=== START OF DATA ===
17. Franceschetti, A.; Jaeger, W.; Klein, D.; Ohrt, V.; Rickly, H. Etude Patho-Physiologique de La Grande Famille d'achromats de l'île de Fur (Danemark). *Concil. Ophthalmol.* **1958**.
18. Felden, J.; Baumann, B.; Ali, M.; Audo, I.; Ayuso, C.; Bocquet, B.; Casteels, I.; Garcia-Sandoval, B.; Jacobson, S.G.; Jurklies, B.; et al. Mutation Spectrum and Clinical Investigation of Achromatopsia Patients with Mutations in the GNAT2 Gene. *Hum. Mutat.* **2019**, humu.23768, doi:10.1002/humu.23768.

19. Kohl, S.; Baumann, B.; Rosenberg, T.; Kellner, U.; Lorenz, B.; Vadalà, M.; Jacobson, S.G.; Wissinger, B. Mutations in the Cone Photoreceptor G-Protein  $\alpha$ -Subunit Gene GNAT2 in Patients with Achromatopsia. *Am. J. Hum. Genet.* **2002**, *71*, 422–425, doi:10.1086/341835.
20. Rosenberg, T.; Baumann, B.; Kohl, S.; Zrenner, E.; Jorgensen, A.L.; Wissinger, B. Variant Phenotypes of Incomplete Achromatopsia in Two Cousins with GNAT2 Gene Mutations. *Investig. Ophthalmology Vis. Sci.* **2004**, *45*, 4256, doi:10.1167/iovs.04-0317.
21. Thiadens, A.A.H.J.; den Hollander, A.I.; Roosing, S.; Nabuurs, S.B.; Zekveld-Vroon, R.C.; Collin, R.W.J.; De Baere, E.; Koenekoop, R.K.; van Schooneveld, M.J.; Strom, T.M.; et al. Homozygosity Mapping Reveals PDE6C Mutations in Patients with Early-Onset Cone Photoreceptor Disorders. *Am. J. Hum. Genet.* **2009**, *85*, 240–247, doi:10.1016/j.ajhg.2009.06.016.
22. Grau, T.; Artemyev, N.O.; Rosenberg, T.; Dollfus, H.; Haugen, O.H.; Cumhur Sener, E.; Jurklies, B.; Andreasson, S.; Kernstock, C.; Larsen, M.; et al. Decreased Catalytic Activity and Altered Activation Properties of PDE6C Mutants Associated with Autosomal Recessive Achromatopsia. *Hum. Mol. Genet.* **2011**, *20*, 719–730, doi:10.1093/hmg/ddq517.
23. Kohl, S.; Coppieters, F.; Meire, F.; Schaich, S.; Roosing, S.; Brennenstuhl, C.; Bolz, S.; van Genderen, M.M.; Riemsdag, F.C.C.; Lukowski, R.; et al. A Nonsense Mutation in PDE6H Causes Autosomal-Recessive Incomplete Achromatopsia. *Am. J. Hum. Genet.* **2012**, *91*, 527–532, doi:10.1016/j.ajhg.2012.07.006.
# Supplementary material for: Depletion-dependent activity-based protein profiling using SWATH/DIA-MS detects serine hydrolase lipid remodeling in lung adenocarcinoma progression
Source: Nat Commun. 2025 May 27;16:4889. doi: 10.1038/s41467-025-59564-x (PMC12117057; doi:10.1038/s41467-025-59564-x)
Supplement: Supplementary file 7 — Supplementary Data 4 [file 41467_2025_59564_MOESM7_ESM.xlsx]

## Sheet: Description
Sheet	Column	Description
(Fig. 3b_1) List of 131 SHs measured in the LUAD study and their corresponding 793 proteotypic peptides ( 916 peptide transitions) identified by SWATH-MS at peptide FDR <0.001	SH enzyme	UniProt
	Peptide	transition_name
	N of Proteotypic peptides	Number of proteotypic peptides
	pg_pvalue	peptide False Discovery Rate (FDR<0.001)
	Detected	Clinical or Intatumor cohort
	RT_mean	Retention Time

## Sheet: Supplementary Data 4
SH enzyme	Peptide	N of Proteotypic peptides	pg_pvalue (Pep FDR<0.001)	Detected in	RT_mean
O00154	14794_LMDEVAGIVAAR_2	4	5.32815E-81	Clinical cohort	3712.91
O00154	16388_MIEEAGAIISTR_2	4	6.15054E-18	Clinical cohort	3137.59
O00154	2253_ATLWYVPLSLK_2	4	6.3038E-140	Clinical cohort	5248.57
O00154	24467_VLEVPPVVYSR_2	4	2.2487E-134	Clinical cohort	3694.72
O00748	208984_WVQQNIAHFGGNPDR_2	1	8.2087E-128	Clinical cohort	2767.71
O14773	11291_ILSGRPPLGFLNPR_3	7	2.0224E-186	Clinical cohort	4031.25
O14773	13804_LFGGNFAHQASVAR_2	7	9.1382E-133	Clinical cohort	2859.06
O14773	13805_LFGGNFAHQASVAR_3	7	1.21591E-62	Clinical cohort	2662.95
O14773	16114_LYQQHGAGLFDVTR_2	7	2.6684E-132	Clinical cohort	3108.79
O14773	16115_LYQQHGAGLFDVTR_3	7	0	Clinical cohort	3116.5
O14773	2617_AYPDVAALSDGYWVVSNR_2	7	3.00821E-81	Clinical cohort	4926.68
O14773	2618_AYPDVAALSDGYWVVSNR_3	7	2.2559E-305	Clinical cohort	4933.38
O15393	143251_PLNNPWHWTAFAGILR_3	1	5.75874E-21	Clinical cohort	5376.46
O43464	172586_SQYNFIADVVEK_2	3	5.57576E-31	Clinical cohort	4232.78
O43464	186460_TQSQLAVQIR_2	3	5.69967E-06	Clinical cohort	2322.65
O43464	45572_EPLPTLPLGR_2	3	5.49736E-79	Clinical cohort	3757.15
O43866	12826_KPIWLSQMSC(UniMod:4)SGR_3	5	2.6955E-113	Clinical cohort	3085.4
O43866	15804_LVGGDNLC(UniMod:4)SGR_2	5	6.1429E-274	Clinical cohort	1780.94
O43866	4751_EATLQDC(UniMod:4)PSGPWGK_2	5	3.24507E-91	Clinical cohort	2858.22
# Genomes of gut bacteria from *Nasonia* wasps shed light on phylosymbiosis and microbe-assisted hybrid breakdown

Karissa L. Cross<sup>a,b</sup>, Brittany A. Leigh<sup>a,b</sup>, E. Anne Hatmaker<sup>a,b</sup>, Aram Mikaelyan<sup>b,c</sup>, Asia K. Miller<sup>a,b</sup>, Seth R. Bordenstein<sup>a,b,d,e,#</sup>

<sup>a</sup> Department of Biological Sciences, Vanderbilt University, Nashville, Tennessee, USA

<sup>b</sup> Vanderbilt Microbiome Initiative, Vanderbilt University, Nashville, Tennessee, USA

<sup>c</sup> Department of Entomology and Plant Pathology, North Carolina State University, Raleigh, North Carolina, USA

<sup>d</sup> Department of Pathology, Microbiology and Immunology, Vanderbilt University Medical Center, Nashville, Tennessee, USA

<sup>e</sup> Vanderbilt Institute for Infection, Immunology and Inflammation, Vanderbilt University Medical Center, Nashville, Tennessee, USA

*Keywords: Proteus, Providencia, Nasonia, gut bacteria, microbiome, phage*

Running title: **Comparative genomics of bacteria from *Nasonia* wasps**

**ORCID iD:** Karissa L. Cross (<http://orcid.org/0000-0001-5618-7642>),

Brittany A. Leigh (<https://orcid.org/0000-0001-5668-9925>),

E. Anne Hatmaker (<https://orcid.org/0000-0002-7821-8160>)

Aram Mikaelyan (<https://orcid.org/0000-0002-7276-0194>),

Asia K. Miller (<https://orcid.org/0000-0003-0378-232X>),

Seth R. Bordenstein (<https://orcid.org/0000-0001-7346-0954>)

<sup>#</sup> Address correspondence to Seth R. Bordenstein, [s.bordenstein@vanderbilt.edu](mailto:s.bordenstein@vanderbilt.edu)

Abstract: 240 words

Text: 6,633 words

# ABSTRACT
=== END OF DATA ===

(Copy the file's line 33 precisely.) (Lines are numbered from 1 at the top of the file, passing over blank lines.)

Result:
O15393	143251_PLNNPWHWTAFAGILR_3	1	5.75874E-21	Clinical cohort	5376.46